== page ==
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The trade deadline came and went yesterday, and although there was a flurry of activity and last minute deals throughout the league the Celtics weren't apart of any of it...well, aside from being linked to Paul George all day. You can't blame Danny Ainge for holding off on the reported offers from Larry Bird and the Pacers involving the star small forward. It was a steep price to pay that would have been a huge gamble for a guy reportedly enamored with heading to Los Angeles after next season. But while the focus was on George all day, some of the other Eastern Conference contenders got a little bit better while the Celtics were happy to "stand pat".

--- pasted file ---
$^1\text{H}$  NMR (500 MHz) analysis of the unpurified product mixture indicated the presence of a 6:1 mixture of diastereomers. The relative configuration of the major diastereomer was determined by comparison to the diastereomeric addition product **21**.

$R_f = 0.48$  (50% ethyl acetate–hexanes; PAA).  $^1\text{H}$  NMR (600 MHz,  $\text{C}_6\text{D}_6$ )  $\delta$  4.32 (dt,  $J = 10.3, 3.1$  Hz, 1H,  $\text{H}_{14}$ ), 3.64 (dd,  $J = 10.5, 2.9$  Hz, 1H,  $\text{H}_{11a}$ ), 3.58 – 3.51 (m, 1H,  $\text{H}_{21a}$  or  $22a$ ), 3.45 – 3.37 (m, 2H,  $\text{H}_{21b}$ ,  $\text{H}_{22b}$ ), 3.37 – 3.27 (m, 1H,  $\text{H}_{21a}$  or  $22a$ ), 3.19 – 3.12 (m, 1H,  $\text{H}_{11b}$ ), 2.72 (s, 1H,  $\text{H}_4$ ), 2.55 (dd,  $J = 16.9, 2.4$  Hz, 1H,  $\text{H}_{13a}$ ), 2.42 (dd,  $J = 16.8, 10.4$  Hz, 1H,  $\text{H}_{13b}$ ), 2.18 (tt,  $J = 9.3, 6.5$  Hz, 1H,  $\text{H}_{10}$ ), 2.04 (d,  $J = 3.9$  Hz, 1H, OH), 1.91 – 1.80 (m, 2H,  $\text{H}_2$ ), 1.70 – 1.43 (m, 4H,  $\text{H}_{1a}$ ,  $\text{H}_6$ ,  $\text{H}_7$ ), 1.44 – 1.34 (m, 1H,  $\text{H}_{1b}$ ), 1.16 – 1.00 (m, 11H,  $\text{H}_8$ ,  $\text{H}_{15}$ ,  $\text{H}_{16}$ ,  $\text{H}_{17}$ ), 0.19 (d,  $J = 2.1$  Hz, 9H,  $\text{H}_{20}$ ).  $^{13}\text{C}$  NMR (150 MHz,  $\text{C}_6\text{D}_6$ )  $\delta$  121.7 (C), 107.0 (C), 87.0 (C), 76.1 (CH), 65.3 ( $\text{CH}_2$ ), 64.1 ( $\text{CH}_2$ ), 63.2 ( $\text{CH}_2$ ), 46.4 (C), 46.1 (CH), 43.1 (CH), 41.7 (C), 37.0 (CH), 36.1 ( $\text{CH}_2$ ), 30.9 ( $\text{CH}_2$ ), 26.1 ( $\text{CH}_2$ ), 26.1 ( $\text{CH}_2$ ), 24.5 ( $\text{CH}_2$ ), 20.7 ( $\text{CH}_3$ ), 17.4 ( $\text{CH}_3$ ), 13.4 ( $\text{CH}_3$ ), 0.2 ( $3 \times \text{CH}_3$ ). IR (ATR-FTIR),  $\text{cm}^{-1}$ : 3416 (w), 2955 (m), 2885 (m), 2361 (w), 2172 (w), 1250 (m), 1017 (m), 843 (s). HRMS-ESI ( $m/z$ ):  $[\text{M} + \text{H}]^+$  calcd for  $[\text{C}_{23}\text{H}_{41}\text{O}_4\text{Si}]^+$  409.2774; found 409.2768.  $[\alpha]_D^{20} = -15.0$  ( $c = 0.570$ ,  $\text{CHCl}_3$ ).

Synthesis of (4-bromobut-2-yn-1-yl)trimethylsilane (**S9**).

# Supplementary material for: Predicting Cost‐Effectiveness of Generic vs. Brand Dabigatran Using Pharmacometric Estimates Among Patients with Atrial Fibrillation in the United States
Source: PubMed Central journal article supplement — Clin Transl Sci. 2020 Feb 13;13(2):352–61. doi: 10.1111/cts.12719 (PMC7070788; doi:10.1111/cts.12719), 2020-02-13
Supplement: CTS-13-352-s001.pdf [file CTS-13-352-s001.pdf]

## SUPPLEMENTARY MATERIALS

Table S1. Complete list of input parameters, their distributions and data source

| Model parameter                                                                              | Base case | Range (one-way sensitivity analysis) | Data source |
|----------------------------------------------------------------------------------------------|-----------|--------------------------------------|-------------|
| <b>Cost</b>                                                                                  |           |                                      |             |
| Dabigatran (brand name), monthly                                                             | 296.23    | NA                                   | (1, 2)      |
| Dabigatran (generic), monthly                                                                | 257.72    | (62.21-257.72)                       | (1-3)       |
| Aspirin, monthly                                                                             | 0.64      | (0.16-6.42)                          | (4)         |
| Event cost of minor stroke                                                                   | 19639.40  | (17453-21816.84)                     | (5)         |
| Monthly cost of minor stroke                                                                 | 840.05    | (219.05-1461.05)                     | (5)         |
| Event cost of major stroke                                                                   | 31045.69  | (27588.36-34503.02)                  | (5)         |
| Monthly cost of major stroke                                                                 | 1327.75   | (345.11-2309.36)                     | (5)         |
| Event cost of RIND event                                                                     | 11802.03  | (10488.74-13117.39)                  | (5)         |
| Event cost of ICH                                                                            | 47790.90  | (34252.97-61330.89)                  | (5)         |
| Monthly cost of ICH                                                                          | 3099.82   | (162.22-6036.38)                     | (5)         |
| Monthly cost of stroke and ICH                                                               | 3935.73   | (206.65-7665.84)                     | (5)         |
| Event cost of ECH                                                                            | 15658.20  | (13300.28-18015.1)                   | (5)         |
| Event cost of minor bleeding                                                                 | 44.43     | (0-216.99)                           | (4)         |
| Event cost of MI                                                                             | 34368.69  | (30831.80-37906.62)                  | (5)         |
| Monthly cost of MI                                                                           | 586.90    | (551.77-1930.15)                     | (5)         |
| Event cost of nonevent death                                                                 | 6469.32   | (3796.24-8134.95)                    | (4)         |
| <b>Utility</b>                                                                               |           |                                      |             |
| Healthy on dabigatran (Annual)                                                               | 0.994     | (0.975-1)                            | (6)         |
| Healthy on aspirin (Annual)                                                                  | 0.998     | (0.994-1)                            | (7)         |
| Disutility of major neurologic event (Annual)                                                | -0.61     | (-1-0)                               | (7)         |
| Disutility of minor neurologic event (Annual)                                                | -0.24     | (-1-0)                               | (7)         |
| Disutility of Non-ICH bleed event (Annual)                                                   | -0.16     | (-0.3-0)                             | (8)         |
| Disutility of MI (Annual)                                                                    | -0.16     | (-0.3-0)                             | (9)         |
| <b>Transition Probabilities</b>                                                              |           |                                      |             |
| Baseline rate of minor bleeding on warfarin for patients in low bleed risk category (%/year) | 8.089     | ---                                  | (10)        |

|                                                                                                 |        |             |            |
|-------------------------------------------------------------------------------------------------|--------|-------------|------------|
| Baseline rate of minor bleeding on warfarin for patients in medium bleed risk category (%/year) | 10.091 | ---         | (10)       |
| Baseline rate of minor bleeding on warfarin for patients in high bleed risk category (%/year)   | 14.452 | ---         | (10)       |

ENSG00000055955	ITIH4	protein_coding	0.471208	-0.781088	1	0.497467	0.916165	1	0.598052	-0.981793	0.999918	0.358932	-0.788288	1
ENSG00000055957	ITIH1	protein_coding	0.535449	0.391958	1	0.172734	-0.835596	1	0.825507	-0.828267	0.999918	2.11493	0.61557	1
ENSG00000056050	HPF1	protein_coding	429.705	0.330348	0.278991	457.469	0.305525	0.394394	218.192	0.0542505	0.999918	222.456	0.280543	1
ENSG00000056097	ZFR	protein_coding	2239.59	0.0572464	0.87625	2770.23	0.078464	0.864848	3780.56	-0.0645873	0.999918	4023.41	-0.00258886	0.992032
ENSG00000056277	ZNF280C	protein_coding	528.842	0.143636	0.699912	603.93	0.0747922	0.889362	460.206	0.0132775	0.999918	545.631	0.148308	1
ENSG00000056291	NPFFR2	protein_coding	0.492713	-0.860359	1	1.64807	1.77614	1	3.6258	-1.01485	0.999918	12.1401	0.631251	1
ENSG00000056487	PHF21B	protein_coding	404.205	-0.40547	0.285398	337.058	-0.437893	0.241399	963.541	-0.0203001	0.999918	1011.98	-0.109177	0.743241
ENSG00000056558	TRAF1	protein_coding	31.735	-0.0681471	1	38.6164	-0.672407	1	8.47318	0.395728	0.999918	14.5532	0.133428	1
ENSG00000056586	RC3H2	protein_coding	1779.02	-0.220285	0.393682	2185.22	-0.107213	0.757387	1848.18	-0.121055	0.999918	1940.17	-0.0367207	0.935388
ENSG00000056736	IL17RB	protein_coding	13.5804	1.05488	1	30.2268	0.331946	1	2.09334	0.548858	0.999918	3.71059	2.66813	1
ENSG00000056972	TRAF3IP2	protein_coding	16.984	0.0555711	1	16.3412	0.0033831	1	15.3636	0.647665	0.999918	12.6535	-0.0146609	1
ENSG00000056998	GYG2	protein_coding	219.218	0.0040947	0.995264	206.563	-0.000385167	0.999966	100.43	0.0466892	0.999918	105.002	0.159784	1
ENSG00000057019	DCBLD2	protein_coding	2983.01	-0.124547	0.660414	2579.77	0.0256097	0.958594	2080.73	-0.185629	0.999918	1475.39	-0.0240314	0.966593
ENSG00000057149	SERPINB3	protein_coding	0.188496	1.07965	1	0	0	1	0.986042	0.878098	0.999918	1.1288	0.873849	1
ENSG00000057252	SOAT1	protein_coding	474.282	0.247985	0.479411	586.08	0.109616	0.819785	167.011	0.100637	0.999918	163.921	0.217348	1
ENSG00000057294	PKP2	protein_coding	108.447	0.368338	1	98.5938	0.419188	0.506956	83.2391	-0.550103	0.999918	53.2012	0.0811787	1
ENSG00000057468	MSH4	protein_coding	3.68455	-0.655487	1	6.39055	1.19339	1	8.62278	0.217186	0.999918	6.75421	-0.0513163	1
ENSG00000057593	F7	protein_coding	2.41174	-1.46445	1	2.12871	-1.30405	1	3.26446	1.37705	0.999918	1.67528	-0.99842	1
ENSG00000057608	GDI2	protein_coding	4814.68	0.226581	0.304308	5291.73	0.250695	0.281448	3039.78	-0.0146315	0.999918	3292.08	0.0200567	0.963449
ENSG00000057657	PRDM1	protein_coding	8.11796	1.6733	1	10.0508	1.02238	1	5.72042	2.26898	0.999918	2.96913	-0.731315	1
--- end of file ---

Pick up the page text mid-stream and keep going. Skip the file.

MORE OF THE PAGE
Now I don't expect a team with a 37-20 record to shake up the roster without it being for a superstar, especially when you're heading into the break on a roll winning 11 of your last 13. This team is good, and they have a good reason to not want to mess with that chemistry in the middle of the season, but the fact remains that the Celtics sit at 28th in the league in rebounding and are the 20th ranked defense - a far fall from grace from being 6th in rebounding last season and the 4th ranked defense in the NBA. The Celtics have made up the difference by marching out a highly potent offense this year (6th in the league), but there's no reason they can't maintain that and shore up the defense/boards as well. Even though they missed out at trading for some help there's still a handful of players that could be acquired before March 1st (the playoff eligibility waiver deadline). Most of these players were either bought out or waived yesterday by teams that either aren't contending or didn't see them as a viable fit. Ainge has been adamant that he's only looking to add someone who who could not only help in those areas but fit the Celtics system as well. Let's take a look at some of the best options: